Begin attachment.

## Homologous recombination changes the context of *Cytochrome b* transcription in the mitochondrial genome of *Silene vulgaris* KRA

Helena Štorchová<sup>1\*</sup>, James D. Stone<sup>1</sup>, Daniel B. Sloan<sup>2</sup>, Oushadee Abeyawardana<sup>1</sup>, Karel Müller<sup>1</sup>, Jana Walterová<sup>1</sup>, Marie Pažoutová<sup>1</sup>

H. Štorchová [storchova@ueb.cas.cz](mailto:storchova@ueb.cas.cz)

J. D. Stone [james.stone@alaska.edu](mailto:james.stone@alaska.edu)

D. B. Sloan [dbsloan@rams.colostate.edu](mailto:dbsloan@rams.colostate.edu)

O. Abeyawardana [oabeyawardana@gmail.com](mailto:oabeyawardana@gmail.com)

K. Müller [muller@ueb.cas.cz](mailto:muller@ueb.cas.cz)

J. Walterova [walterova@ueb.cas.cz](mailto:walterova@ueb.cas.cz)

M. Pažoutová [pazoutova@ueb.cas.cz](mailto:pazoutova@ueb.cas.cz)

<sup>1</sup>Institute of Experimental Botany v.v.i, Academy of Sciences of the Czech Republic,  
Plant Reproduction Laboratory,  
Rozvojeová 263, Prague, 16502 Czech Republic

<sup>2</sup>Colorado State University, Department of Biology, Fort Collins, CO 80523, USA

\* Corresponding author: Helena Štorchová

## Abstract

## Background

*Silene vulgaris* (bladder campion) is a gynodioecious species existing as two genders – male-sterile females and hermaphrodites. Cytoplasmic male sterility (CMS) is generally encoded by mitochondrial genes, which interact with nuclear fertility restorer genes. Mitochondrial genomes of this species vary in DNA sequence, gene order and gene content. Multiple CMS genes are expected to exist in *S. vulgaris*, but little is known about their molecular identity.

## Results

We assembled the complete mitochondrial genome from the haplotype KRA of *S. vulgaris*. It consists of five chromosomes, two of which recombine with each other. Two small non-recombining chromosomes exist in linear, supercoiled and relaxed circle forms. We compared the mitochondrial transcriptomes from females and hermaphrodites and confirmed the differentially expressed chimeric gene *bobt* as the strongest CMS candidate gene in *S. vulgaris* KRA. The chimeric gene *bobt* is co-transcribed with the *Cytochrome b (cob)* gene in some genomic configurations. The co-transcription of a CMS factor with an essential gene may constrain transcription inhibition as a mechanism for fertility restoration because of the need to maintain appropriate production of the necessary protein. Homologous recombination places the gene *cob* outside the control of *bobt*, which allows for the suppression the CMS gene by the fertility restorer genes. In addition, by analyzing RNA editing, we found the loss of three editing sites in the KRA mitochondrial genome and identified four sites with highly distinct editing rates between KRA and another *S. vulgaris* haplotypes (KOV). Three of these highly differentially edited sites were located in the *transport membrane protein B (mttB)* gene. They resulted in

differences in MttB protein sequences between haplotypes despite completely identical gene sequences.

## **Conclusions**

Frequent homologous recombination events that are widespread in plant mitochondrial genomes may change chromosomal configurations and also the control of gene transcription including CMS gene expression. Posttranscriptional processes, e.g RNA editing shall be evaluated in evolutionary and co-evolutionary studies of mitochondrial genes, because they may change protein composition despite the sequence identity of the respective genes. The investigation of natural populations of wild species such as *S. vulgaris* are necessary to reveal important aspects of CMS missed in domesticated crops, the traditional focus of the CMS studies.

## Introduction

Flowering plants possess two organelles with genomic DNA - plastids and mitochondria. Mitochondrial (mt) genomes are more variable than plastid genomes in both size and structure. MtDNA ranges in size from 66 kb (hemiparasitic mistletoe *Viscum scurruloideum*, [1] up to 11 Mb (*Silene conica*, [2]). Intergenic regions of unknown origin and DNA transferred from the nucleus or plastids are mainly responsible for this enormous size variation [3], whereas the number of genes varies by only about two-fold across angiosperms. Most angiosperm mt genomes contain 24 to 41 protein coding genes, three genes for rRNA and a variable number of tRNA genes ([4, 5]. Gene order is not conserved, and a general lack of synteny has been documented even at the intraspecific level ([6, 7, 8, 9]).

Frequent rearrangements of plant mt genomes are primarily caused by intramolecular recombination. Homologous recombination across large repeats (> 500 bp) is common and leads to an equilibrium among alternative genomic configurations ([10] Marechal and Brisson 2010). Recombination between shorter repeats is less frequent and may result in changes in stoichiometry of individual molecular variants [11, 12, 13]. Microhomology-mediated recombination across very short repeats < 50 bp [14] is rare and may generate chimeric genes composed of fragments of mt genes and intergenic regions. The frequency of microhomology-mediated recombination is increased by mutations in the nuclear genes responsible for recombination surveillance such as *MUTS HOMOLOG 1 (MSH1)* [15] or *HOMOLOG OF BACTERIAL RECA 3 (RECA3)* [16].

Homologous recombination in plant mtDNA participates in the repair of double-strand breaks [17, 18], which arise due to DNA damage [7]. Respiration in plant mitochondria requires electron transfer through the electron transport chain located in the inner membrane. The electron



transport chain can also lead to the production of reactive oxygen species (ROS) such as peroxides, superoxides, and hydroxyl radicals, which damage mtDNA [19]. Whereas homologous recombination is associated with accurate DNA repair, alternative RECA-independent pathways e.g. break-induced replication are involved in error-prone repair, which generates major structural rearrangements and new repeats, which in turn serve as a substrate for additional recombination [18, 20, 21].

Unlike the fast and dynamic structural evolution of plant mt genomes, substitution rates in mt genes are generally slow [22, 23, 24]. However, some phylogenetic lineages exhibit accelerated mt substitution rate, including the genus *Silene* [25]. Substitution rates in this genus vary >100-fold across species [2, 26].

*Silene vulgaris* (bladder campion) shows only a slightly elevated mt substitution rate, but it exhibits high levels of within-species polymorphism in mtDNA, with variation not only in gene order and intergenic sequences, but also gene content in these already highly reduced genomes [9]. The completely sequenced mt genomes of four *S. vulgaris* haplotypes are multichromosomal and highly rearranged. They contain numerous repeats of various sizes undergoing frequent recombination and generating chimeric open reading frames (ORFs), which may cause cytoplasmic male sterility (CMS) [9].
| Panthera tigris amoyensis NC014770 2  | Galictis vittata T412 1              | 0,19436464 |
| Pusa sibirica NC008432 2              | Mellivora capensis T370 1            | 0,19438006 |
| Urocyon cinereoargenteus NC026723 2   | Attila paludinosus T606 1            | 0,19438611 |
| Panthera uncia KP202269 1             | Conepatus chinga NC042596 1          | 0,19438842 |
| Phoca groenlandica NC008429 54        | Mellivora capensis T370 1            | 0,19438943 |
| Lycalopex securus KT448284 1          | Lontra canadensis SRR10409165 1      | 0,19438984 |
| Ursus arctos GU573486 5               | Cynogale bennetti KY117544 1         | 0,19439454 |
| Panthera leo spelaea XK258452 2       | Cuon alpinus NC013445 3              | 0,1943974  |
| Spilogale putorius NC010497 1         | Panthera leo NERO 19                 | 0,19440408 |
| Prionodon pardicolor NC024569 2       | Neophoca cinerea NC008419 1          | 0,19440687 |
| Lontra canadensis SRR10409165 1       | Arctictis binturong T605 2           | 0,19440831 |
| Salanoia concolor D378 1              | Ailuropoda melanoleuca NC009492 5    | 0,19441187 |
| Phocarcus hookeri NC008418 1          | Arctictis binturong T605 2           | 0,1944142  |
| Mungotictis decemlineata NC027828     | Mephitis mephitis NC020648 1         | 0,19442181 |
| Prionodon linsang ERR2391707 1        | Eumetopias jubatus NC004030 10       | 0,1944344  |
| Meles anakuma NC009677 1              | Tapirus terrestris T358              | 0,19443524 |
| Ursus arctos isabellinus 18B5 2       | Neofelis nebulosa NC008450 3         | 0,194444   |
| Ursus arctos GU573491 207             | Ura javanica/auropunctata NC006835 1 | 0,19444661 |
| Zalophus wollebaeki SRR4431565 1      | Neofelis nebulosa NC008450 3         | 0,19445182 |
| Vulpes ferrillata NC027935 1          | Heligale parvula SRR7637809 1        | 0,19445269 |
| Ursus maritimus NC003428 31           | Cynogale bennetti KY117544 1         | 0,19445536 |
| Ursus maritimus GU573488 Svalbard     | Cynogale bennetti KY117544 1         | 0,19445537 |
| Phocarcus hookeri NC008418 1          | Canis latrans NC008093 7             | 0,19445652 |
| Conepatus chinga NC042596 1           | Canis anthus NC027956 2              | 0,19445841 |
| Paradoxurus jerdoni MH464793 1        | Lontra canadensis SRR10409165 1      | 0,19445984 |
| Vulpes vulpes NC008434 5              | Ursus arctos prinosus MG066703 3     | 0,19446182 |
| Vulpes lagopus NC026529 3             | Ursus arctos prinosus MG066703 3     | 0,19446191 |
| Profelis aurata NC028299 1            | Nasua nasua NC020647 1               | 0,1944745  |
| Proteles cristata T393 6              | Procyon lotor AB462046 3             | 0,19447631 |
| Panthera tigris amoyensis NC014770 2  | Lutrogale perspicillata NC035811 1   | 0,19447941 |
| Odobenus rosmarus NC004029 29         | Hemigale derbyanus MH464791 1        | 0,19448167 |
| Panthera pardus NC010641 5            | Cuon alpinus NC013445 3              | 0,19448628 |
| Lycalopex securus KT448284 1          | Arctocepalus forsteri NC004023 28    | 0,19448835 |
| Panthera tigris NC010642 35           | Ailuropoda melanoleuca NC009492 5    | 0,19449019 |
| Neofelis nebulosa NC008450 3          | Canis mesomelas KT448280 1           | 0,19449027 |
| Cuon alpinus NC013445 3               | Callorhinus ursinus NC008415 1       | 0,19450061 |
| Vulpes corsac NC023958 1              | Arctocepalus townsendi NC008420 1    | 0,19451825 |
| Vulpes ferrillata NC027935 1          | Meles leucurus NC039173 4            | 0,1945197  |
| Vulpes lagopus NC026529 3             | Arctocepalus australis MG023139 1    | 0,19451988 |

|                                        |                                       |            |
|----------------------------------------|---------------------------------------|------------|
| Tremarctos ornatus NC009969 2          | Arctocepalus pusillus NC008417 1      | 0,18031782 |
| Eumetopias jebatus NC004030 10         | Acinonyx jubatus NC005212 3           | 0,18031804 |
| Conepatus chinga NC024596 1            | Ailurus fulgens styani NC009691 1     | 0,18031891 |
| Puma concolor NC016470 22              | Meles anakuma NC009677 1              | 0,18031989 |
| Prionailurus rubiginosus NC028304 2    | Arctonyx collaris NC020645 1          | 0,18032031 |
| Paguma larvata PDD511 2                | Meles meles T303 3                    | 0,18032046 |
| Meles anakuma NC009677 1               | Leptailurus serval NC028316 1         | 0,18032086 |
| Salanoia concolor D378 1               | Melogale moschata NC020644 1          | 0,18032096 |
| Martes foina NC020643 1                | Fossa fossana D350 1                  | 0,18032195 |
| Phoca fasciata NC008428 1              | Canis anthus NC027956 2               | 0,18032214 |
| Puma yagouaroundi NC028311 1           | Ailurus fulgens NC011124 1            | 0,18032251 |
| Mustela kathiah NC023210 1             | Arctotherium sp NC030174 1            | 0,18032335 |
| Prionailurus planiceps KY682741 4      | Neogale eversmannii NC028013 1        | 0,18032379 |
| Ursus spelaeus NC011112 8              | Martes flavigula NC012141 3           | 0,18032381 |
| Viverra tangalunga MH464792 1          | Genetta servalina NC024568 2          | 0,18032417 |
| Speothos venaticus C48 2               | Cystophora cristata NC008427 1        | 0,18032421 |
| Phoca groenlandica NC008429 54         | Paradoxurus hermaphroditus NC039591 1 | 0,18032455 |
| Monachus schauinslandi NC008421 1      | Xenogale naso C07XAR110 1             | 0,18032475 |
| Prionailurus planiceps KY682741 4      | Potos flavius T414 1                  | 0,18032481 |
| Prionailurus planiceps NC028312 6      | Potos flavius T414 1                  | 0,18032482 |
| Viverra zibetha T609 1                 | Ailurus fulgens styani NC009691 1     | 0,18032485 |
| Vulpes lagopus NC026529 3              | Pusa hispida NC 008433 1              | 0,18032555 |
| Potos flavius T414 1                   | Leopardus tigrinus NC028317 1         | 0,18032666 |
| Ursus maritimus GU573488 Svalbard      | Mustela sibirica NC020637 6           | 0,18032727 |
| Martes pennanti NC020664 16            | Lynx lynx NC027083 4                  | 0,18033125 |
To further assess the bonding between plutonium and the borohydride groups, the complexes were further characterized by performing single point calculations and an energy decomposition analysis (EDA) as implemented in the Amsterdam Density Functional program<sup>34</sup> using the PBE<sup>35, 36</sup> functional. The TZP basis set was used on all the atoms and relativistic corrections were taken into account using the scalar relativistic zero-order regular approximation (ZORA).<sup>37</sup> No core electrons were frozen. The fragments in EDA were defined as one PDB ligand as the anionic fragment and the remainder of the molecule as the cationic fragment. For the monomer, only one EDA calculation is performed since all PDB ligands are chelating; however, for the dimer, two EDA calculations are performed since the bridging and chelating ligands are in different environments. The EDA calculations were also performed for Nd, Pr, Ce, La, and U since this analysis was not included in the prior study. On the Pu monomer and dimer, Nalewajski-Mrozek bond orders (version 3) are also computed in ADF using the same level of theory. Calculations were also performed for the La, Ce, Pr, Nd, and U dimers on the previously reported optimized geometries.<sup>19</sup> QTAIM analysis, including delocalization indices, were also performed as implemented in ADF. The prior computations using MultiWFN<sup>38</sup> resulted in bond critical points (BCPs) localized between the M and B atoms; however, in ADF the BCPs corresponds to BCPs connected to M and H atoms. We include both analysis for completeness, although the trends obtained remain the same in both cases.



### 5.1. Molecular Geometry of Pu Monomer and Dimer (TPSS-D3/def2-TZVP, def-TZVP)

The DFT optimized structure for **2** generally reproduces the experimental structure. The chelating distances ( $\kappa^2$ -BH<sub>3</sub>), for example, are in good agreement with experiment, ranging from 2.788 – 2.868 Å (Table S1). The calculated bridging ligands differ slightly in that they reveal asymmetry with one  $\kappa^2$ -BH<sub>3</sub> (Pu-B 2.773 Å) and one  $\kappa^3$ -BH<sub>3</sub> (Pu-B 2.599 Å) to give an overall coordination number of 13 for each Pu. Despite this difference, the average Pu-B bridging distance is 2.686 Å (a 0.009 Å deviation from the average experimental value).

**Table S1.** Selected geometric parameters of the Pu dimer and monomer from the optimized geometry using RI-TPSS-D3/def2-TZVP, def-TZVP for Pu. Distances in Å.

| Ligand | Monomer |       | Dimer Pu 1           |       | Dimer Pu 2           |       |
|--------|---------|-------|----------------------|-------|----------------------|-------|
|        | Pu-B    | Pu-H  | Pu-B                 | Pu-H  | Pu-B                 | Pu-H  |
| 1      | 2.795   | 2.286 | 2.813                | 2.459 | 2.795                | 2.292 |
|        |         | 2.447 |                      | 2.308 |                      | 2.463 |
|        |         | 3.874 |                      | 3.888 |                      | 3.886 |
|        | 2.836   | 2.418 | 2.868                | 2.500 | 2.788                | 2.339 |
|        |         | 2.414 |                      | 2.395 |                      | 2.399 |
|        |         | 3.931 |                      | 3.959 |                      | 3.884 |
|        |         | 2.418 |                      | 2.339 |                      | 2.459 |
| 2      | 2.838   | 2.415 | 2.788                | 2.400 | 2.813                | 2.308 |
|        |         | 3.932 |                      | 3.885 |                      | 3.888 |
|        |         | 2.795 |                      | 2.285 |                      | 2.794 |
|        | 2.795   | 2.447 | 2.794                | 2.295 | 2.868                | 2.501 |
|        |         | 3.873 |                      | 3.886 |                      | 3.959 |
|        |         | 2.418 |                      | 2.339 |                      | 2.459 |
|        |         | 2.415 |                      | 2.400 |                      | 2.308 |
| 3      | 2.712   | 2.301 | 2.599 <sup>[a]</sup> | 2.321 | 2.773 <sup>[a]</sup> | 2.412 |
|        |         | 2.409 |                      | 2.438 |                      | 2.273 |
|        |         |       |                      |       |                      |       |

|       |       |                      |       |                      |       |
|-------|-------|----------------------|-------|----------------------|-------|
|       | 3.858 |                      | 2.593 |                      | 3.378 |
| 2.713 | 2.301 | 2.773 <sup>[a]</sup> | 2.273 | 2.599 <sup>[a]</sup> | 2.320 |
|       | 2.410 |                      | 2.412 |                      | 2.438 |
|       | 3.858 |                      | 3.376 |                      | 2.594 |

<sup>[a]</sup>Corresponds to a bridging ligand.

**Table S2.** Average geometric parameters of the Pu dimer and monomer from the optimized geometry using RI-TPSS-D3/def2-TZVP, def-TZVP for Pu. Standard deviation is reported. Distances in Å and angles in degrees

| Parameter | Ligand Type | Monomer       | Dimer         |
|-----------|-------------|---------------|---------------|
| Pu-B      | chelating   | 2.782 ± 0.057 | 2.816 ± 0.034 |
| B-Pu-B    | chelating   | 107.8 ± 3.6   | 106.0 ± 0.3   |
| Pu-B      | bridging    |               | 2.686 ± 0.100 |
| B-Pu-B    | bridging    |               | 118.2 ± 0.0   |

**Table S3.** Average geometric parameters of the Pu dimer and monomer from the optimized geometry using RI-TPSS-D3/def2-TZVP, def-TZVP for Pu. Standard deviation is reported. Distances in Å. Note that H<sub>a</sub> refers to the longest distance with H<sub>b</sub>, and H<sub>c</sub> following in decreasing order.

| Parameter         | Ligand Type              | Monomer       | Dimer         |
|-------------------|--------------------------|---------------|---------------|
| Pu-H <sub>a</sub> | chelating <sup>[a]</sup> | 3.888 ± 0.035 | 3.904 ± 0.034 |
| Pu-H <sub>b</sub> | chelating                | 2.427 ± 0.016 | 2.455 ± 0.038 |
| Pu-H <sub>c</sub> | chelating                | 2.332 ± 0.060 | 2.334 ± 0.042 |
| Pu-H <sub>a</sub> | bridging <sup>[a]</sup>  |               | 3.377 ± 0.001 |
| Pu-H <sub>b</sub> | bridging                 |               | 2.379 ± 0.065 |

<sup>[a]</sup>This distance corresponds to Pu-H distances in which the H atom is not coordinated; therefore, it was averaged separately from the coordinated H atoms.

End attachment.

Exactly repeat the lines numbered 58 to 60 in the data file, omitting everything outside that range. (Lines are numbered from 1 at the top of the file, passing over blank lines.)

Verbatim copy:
| Proteles cristata T393 6              | Procyon lotor AB462046 3             | 0,19447631 |
| Panthera tigris amoyensis NC014770 2  | Lutrogale perspicillata NC035811 1   | 0,19447941 |
| Odobenus rosmarus NC004029 29         | Hemigale derbyanus MH464791 1        | 0,19448167 |